Sonus Faber’s Second-Generation Stradivari Is An Instant Classic
Italy’s premium loudspeaker brand celebrates its 40th anniversary with a successor to one of its most iconic components.
We’re no strangers to the auditory prowess of Sonus Faber. The Italian manufacturer, celebrating its 40th anniversary this year, is well known for making some of the most beautiful—and beautiful sounding—audio components on the planet, specifically loudspeakers. My visit to the factory in 2021 revealed some secrets, namely that centuries-old woodworking techniques and high-tech engineering can peacefully coexist. In an electronics industry dominated by robots, production lines, and outsourced components, Sonus Faber makes state-of-the-art speakers whose performance is matched by fit and finish that says “luxury” like few consumer products can.
The audio atelier’s new Stradivari Second Generation loudspeaker, on sale this June and retailing for $75,000 per pair, is a fitting tribute to the brand’s four-decade artisanal legacy. Located in Italy’s Veneto region, the company draws its inspiration from the violins of Antonio Stradivari, Andrea Amati, and Andrea Guarneri, master luthiers from Cremona whose instruments are renowned for their otherworldly sound.
The Sonus Faber Stradivari is thus aptly named, as its wide front baffle and sensuous form recall the hollow body of a violin. The enclosure of the latest Stradivari is a complex one—essentially a pentagonal shape when viewed from above—evolved from the elliptical footprint of the original, which launched in the early 2000s. Like its predecessor, the Stradivari Second Generation features a wide front baffle, which is partially responsible for the speaker’s organic, natural, full-bodied sound.
Wide front baffles are not terribly in vogue at present, and most loudspeakers today employ very narrow front profiles to mitigate diffraction anomalies inherent in mounting a dynamic driver in a cabinet with a wide, flat front. Of course, that’s an oversimplification, and exceptions to the rule, when circumvented brilliantly, are often the exceptions that render especially favourable results.
The original Stradivari Homage was a sonic masterpiece, so when, during my factory visit, I spied a raw wooden cabinet bearing the approximate dimensions of that speaker, I asked if it was a prototype for a new Stradivari. My hosts quickly changed the subject to a discussion about some of the fine Amarone we’d been drinking at dinner. Naturally, I was beyond thrilled to recently receive news of the second-generation Stradivari.
“When the conversation came about redesigning Stradivari, it was challenging but also exhilarating,” says Sonus Faber designer Livio Cucuzza. “We wanted to ensure that the new Stradivari represented all the advancements Sonus Faber has made in sound technology to date, while still keeping that speaker’s classic external look and feel.”
To that end, observers might even consider the new Stradivari to be a more elemental, beautiful speaker than the original. And while we’ve yet to hear it, a close look at the driver compliment and cabinet design suggests that it will improve on its impressive forebear.
The speaker, which weighs 63kg, stands 1.37 metres tall and is almost a metre wide. It has a relatively shallow visual profile and a depth of less than 43cm at the centre rear, proportions more akin to a planar design rather than a dynamic one. Set atop a metal base, the loudspeaker can have its angle changed by means of four height-adjustable spiked feet. Using what the designers call Intono technology, the cabinet is divided and damped internally to provide individual, ducted compartments for tweeter and midrange transducers, eliminating internal resonances and standing waves.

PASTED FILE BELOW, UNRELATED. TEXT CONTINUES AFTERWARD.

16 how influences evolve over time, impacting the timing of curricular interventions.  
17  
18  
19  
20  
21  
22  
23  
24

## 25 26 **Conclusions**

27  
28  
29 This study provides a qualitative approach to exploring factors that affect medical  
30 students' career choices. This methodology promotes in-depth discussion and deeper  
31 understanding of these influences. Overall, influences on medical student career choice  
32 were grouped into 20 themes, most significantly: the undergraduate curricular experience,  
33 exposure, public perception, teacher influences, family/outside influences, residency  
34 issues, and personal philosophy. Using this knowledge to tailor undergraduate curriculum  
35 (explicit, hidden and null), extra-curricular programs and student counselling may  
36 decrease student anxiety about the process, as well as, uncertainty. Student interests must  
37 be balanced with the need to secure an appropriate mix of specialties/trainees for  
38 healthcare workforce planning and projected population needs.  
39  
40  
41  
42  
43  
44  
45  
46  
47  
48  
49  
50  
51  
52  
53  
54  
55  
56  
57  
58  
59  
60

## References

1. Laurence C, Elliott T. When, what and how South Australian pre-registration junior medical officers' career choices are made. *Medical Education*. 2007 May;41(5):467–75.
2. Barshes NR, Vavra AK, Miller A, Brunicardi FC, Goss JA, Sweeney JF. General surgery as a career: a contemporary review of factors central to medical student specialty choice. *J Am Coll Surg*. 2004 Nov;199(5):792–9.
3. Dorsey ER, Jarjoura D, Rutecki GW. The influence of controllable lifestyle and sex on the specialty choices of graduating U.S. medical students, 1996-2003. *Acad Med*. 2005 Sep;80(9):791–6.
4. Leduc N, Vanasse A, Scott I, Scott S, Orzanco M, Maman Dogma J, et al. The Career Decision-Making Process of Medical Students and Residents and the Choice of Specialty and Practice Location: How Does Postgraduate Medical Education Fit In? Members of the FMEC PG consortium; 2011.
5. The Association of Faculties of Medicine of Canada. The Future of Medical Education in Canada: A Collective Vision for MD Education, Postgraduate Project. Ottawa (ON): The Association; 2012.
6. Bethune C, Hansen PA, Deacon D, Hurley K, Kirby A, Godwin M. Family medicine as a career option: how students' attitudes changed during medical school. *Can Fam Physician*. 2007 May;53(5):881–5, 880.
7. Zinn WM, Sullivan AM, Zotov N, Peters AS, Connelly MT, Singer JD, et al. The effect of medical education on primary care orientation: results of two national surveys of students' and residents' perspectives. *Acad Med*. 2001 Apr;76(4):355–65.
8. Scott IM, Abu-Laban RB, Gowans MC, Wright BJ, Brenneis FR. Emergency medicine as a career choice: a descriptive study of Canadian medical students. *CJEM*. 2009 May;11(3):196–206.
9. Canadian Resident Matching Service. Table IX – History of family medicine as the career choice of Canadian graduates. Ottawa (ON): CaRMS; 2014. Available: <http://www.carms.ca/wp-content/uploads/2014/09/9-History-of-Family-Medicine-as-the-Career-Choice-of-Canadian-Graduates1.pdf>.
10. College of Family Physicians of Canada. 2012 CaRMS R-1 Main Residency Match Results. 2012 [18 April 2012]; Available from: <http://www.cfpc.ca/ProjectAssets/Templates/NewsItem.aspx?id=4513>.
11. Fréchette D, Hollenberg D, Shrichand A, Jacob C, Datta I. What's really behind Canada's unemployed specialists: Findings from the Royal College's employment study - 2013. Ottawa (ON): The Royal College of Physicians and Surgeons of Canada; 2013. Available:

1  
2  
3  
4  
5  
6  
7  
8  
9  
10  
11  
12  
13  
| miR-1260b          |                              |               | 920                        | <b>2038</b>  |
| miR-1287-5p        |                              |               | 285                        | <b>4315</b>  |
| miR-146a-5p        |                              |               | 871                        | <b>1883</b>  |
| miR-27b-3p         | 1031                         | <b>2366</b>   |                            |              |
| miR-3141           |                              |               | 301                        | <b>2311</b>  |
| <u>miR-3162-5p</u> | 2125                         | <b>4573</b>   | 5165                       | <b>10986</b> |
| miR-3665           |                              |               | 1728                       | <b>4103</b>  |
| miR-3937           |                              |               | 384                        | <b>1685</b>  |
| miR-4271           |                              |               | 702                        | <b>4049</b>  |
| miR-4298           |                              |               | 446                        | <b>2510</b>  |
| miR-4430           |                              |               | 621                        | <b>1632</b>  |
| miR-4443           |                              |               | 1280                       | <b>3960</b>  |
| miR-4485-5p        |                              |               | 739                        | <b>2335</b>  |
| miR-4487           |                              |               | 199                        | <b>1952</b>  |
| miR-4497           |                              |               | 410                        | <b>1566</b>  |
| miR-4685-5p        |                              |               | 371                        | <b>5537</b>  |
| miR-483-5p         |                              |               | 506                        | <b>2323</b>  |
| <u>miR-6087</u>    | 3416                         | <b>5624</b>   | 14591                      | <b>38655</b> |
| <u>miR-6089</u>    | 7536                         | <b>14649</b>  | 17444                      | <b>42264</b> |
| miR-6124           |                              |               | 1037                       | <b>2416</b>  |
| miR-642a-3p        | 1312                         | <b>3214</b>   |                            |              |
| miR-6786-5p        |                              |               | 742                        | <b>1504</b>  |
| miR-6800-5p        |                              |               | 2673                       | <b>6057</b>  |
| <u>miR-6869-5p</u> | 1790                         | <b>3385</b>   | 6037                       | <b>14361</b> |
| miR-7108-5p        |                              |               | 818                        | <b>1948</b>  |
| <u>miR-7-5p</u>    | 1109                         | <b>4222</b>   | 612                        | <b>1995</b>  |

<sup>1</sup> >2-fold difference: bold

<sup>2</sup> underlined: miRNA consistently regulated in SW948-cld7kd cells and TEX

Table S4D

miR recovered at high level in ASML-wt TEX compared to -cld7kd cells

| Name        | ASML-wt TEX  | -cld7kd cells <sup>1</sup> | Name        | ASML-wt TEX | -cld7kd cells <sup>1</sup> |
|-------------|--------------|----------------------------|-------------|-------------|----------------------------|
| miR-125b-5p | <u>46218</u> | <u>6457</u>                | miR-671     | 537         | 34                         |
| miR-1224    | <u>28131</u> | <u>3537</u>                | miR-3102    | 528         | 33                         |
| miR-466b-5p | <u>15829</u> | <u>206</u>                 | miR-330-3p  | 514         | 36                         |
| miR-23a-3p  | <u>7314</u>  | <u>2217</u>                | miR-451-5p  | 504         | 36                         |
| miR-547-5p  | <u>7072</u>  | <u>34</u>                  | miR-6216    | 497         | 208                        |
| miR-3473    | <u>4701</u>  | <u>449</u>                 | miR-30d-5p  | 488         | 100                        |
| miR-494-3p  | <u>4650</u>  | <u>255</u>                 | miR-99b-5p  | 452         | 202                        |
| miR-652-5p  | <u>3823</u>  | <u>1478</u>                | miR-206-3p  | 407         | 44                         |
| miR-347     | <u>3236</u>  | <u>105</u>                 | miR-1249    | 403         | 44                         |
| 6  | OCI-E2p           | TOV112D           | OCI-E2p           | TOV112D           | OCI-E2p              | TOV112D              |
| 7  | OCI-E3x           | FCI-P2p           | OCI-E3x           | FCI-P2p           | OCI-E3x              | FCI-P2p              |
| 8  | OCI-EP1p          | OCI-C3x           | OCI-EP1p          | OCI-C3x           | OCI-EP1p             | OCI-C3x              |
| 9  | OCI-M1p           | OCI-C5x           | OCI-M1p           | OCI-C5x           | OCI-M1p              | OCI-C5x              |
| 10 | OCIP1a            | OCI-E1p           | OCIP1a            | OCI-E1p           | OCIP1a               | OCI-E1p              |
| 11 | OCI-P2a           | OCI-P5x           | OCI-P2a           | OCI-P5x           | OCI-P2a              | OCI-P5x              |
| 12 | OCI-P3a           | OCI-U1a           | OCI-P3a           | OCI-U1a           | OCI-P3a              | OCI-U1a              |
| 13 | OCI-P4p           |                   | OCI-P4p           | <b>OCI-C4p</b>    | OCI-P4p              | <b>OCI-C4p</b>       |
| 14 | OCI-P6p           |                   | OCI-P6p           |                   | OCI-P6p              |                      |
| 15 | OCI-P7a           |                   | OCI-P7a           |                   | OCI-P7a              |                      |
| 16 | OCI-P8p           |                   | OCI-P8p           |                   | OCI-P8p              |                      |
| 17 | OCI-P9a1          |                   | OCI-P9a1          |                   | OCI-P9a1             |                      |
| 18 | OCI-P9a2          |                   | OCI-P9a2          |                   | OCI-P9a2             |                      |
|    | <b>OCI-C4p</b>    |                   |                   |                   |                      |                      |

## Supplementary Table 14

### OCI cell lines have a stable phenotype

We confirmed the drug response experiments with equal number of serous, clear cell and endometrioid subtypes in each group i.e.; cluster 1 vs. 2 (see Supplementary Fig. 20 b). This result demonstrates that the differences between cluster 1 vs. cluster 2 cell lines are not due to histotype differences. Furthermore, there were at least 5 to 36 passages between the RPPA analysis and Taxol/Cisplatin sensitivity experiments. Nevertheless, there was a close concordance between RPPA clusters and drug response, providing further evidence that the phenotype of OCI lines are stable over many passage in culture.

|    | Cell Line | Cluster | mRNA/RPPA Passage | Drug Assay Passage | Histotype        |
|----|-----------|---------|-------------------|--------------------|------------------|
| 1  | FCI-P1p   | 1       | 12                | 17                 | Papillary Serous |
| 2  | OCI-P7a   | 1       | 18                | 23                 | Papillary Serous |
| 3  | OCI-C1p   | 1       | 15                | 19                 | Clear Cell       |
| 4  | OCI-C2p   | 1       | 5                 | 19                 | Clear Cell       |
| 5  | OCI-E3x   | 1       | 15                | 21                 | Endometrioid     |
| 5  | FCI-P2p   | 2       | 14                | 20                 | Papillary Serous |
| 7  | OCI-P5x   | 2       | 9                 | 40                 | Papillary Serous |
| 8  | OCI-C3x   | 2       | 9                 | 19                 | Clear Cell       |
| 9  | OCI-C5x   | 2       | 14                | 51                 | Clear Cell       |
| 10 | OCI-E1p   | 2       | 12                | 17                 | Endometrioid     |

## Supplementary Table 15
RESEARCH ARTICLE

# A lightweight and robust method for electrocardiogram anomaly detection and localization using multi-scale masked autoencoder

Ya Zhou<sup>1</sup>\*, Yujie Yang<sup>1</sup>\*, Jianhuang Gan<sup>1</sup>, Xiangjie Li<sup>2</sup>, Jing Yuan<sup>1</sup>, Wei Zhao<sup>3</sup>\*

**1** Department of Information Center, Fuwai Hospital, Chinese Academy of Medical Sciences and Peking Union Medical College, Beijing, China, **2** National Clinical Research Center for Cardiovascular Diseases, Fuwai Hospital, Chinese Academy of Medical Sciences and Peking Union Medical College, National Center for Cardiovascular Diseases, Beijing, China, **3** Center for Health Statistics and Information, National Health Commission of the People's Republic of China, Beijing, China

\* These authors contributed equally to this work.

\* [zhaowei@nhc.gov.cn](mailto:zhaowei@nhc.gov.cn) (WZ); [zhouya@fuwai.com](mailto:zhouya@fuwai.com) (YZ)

Unlike the original Stradivari, which employs dual 12-inch woofers, the latest version uses a pair of 10-inch units that are entirely new. The latter feature an anti-resonant organic basket, specially formed to avoid vibration modes naturally generated by the pulp-paper woofer cone and voice-coil assembly, producing usable bass down to 25 Hz.
What Sonus Faber calls Clepsydra Technology (“water thief” in Greek, apropos of the ancient water clocks designed circa 325 B.C.) is a downward-firing, hourglass-shaped bass-reflex port designed to maximize low frequency performance. And the six-inch Neodymium-magnet midrange driver handles the lion’s share of the sound signature for which the manufacturer is famous. From as low as 160 Hz to 2,200 Hz, this driver is the heart and soul of the Sonus Faber sound, aided and abetted in its role by the one-inch soft-dome tweeter. These loudspeakers are relatively sensitive, at 92 dB, but present a 4-Ohm nominal impedance, so a high-current amplifier of between 100 watts to 600 watts will go a long way toward making them sing.
On the rear, near the four terminals (which allow for bi-wiring low and mid/high sections), is a novel low-frequency adjustor that optimises low-frequency response relative to room acoustics. There’s also the crossover network, a portion of whose entrails are visible through a clear panel running up a portion of the enclosure’s centre rear, a reminder of where some of the customer’s money goes.
In the tradition of past Sonus Faber Homage series loudspeakers, the grilles are effectively transparent and comprised only of narrowly spaced, parallel black strings, a novel solution to discourage probing fingers and a wonderful allusion to the precious violins that inspired the speaker’s design.
Customers can select three cabinet finishes worthy of the most exclusive humidor: traditional Gloss Red, Wenge (a rich brown), and Graphite. We can’t wait to hear the new Stradivari, and if the previous iteration is any indication, this successor is bound to be a classic that will stand the test of time.
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